In 2003, the Supreme Court has again made a cue to the government about the constitutional obligations to enact a UCC, in John Vallamatton v. Union of India when the doors of the Court was knocked by a Christian priest challenging the constitutional validity of Section 118 of the Indian Succession Act. A writ petition was filed by a Priest stating that Section 118 of the said Act was discriminatory against the Christians as it impose unreasonable restrictions on their donation of property for religious or charitable purpose by will. The Court struck down the Section declaring it to be unconstitutional, and also stated that – “Article 44 provides that the State shall endeavor to secure for all citizens a uniform civil code throughout the territory of India It is a great regret that Article 44 of the Constitution has not been given effect. Parliament should take step in for framing a common civil code in the country. A codification of common civil code will help the cause of national integration by removing the contradictions based on ideologies.”

Recently, the heroic battle put up by Muslim women against the practice of triple talaq has once again brought into focus the lack of a uniform civil code in India, where the Supreme Court has issued another reminder to the Government on having a uniform civil code in India after hearing a petition filed by a group of Muslim women claiming that the personal law superseded their fundamental rights.

Secularism v. Uniform Civil Code

The spine of controversy revolves around whether the codification of a civil code replacing the personal laws would end up in affecting the strong religious feeling. The preamble of the Constitution states that India is a secular democratic republic, which means that there is no State religion and no person shall be discriminated on the basis of religion. A State is only concerned with the relation between man and man, and not concerned with the relation of man with God. It was held in S.R.Bommai v. Union of India, religion is the matter of individual faith and cannot be mixed with secular activities. Secular activities can be regulated by the State by enacting a law.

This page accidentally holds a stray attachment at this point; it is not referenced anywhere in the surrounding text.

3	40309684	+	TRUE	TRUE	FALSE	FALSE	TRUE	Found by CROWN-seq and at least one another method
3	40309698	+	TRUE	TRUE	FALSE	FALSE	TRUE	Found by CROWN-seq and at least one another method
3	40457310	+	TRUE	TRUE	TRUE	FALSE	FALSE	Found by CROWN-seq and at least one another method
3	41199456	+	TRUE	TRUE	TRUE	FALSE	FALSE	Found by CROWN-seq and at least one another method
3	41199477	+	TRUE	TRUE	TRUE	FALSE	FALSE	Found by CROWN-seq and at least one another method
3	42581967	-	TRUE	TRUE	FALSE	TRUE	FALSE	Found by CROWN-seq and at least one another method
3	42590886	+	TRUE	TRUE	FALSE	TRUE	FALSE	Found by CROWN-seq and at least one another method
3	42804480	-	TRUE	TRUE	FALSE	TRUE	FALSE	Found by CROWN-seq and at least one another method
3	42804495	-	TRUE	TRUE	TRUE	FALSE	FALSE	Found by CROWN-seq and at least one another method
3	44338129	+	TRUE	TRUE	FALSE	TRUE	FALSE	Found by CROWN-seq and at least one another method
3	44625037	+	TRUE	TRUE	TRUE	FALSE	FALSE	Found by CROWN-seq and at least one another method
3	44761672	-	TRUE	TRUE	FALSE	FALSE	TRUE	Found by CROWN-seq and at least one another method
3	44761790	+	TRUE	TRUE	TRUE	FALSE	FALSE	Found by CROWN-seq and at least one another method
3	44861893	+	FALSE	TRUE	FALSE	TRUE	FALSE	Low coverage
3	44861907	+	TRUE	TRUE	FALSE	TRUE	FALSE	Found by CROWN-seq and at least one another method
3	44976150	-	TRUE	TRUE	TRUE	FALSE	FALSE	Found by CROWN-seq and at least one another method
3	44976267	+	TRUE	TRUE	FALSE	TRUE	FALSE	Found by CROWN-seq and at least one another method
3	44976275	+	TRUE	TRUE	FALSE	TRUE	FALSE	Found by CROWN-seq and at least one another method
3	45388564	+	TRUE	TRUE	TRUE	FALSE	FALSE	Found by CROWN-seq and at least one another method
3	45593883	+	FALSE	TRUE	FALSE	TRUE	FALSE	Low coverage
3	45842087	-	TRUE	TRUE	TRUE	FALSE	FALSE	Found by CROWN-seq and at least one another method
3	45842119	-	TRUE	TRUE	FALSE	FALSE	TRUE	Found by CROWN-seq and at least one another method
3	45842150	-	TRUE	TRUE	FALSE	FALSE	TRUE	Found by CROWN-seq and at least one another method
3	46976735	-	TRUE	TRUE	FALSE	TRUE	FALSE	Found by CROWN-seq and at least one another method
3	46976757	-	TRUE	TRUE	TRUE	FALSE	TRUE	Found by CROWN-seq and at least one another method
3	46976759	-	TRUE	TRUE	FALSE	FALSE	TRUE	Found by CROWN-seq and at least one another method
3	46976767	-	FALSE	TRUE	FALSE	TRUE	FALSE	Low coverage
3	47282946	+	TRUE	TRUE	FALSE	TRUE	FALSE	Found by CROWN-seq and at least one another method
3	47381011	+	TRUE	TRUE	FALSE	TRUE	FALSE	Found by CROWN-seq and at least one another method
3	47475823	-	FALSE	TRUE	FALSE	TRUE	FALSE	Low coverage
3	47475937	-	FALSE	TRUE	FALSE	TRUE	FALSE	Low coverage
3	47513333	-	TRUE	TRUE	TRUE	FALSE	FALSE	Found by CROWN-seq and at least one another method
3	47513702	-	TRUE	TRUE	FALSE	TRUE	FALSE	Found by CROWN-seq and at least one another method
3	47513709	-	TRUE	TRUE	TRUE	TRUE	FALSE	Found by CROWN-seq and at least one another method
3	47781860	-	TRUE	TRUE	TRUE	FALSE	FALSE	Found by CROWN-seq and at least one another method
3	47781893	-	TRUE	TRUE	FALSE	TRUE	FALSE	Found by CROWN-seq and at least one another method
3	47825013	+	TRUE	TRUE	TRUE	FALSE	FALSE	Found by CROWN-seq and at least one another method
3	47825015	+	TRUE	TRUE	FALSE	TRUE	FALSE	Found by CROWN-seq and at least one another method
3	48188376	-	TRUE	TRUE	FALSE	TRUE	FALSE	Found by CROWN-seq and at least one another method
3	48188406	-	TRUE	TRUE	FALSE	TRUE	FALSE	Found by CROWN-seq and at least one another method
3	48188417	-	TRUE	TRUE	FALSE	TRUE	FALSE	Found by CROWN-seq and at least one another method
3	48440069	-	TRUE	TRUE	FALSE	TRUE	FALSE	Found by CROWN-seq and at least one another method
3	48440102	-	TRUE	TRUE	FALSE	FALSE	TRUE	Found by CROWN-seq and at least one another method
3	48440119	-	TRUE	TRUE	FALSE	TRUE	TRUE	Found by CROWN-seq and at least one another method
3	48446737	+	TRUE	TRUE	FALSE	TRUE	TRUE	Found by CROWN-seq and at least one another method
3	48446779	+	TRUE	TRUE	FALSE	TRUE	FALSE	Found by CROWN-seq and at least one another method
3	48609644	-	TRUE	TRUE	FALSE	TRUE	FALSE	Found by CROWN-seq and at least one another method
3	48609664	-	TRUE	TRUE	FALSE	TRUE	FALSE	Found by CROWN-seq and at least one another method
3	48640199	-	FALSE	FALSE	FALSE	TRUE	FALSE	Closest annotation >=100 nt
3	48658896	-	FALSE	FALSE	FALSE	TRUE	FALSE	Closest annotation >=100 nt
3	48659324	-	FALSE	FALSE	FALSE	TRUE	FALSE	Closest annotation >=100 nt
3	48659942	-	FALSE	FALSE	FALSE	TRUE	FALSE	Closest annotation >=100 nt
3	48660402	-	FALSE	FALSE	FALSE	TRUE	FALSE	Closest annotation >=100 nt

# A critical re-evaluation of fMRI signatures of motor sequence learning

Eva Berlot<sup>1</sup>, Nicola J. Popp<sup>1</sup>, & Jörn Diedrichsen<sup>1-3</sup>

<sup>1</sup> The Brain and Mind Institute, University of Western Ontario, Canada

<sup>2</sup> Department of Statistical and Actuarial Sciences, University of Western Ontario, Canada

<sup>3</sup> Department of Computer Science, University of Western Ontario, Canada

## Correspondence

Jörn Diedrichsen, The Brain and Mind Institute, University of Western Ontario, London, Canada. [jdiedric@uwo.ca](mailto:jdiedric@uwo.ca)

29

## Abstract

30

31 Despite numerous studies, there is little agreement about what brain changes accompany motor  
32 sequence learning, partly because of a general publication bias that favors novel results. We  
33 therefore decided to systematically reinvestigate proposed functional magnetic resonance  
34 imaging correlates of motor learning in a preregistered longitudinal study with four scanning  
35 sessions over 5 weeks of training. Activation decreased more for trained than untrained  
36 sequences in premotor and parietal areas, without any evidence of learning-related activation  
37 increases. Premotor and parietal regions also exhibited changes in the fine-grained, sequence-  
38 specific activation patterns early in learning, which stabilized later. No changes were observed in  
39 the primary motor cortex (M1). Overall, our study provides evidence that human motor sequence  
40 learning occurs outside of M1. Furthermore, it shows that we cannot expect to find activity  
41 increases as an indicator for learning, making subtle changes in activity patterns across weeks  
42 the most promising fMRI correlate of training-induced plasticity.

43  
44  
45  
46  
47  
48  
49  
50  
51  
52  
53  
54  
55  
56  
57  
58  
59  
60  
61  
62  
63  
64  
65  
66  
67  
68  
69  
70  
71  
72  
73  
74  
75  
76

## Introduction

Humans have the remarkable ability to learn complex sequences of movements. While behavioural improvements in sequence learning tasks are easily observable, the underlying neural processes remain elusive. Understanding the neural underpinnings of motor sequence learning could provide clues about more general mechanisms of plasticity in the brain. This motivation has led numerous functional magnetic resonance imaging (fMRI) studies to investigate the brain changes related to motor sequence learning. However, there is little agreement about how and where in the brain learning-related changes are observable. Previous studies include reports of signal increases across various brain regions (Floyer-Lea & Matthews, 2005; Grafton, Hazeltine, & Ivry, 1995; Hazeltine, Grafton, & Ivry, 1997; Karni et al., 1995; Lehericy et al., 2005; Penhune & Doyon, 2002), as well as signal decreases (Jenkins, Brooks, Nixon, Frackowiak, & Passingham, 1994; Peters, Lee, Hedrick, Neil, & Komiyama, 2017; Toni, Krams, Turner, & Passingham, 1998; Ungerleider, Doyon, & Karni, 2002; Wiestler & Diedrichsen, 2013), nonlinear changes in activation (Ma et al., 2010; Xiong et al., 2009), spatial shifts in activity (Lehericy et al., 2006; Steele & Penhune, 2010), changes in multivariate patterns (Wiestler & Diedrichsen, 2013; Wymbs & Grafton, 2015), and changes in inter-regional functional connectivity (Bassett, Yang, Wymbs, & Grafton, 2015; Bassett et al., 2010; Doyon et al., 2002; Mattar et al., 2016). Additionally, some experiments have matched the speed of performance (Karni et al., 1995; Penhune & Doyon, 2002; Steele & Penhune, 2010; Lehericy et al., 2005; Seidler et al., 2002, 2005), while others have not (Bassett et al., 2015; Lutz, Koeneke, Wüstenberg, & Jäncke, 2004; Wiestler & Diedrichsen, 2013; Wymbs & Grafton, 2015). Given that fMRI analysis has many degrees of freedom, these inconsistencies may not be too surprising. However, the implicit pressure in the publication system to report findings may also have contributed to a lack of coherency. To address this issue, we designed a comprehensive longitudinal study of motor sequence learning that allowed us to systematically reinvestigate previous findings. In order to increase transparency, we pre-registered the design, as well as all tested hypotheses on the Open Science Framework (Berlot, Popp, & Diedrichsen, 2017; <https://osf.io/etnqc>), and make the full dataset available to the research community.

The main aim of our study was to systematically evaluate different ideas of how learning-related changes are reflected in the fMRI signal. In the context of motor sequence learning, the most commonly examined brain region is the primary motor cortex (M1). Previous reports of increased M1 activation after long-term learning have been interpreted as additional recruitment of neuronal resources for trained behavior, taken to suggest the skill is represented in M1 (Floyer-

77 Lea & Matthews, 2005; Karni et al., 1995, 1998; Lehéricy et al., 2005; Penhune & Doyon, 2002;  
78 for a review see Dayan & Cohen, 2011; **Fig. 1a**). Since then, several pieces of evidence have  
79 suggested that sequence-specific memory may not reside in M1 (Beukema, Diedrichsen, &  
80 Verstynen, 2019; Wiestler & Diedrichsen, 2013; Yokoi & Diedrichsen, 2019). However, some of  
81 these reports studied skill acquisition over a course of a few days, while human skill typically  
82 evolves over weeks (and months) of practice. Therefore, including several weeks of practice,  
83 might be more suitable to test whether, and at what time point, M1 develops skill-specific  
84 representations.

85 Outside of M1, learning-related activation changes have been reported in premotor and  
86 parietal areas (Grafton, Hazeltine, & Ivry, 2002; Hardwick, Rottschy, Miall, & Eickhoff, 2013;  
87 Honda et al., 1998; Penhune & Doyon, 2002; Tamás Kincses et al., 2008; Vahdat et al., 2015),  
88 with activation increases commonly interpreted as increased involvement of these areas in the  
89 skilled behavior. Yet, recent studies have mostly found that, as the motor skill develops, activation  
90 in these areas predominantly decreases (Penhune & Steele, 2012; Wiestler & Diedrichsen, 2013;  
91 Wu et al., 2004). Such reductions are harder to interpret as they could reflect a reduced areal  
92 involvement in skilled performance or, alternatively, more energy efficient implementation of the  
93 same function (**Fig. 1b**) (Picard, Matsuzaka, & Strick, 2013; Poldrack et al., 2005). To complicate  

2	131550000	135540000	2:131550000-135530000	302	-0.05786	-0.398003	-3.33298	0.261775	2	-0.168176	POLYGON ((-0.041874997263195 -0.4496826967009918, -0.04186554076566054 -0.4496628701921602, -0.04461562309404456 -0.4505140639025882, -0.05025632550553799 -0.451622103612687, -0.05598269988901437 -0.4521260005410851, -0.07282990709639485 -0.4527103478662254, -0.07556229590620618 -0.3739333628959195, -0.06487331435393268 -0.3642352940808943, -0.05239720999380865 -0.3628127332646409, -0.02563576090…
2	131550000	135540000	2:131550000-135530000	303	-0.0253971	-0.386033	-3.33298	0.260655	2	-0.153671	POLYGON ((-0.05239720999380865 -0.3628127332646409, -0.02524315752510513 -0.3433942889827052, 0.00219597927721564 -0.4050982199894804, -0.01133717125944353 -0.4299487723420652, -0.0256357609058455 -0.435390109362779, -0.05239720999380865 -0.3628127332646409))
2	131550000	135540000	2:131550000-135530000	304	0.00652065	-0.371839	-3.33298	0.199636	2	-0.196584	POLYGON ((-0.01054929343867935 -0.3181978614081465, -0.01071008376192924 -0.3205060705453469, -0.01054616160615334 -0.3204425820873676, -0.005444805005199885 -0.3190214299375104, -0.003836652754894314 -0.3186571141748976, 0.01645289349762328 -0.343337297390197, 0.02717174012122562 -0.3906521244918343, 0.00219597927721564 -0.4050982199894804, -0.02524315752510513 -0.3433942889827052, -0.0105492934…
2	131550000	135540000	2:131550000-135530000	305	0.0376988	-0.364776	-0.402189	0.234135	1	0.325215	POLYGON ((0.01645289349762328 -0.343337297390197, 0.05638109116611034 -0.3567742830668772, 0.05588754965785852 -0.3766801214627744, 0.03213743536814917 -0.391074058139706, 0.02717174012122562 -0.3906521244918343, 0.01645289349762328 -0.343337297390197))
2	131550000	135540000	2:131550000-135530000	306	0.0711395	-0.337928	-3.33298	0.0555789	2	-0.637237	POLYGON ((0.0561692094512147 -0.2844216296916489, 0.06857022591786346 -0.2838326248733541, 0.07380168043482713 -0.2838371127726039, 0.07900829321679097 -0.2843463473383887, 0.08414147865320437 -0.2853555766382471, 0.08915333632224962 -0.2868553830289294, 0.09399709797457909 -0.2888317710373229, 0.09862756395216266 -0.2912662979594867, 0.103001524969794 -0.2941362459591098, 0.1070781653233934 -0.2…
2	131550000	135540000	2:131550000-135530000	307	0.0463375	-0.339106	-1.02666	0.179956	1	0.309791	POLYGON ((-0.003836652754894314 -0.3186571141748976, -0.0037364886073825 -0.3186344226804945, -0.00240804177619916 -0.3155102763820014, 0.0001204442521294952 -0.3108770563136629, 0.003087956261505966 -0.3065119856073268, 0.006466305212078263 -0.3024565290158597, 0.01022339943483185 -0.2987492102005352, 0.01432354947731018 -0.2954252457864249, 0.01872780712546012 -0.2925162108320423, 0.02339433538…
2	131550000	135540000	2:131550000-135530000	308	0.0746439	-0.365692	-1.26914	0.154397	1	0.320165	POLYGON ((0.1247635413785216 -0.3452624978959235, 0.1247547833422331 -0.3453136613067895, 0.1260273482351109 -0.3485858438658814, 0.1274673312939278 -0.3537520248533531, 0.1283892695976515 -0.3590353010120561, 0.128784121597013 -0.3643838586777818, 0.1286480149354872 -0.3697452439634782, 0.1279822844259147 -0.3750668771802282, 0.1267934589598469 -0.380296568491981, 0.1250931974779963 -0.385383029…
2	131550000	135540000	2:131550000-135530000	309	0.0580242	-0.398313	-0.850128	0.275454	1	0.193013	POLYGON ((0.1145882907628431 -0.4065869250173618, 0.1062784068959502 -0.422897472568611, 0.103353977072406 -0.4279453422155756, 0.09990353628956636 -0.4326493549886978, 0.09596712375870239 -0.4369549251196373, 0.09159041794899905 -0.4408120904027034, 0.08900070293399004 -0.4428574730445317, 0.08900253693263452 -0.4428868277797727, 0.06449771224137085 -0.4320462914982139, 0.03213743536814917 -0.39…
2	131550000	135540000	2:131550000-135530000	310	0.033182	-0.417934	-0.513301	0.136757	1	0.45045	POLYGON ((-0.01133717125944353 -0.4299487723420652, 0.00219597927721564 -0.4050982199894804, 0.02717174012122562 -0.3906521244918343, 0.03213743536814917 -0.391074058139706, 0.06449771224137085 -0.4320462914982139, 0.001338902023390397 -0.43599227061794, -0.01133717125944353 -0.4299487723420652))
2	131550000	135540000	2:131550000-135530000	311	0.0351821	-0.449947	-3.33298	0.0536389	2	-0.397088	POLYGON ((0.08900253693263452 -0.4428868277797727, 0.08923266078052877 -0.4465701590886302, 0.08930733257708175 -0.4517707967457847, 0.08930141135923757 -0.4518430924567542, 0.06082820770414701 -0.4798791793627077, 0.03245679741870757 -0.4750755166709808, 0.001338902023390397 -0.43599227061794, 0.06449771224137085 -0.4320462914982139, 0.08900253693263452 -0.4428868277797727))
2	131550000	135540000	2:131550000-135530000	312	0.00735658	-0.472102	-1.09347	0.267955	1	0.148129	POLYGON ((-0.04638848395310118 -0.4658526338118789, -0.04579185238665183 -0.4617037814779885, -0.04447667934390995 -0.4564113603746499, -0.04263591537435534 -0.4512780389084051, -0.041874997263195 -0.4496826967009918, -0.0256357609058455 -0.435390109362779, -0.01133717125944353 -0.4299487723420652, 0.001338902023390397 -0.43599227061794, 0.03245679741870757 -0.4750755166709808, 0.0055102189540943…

UCC is not against the concept of secularism or will not be violation of Article 25 and 26, which deals with right to freedom of religion. In the words of Article 44, in a civilized society, there is no necessary connection between religion and personal law. Law can regulate those matters which are of secular nature, i.e., marriage, succession and like. The UCC will not and shall not result in interference of one’s religious beliefs relating, mainly to maintenance, succession and inheritance. UCC will not compel a Hindu to perform a nikah or force a Muslim to carry out saptapadi. But there will be a common law in the matters of inheritance, right to property, maintenance and succession.

Obstacles exist with regard to codification of UCC, it shouldn’t be again repackaging of existing personal laws. Rather, it shall sculpt a balance between protection of fundamental rights and religious dogmas of individuals.

To conclude, the intention behind the concept of UCC in the Constitution to effect an integration of India by bringing all communities on a common place on problems which are governed by personal laws. Despite the odds stacked against it, the uniform civil code will one day become a reality. The plea for a uniform civil code rests upon harassments and gender inequality rather than ecclesiastical considerations. Such new interpretation would broaden the scope of discussion and also helps to keep religious arguments and the resultant communal out of it.

 

Rini Mathew

Student, School of Law, SASTRA University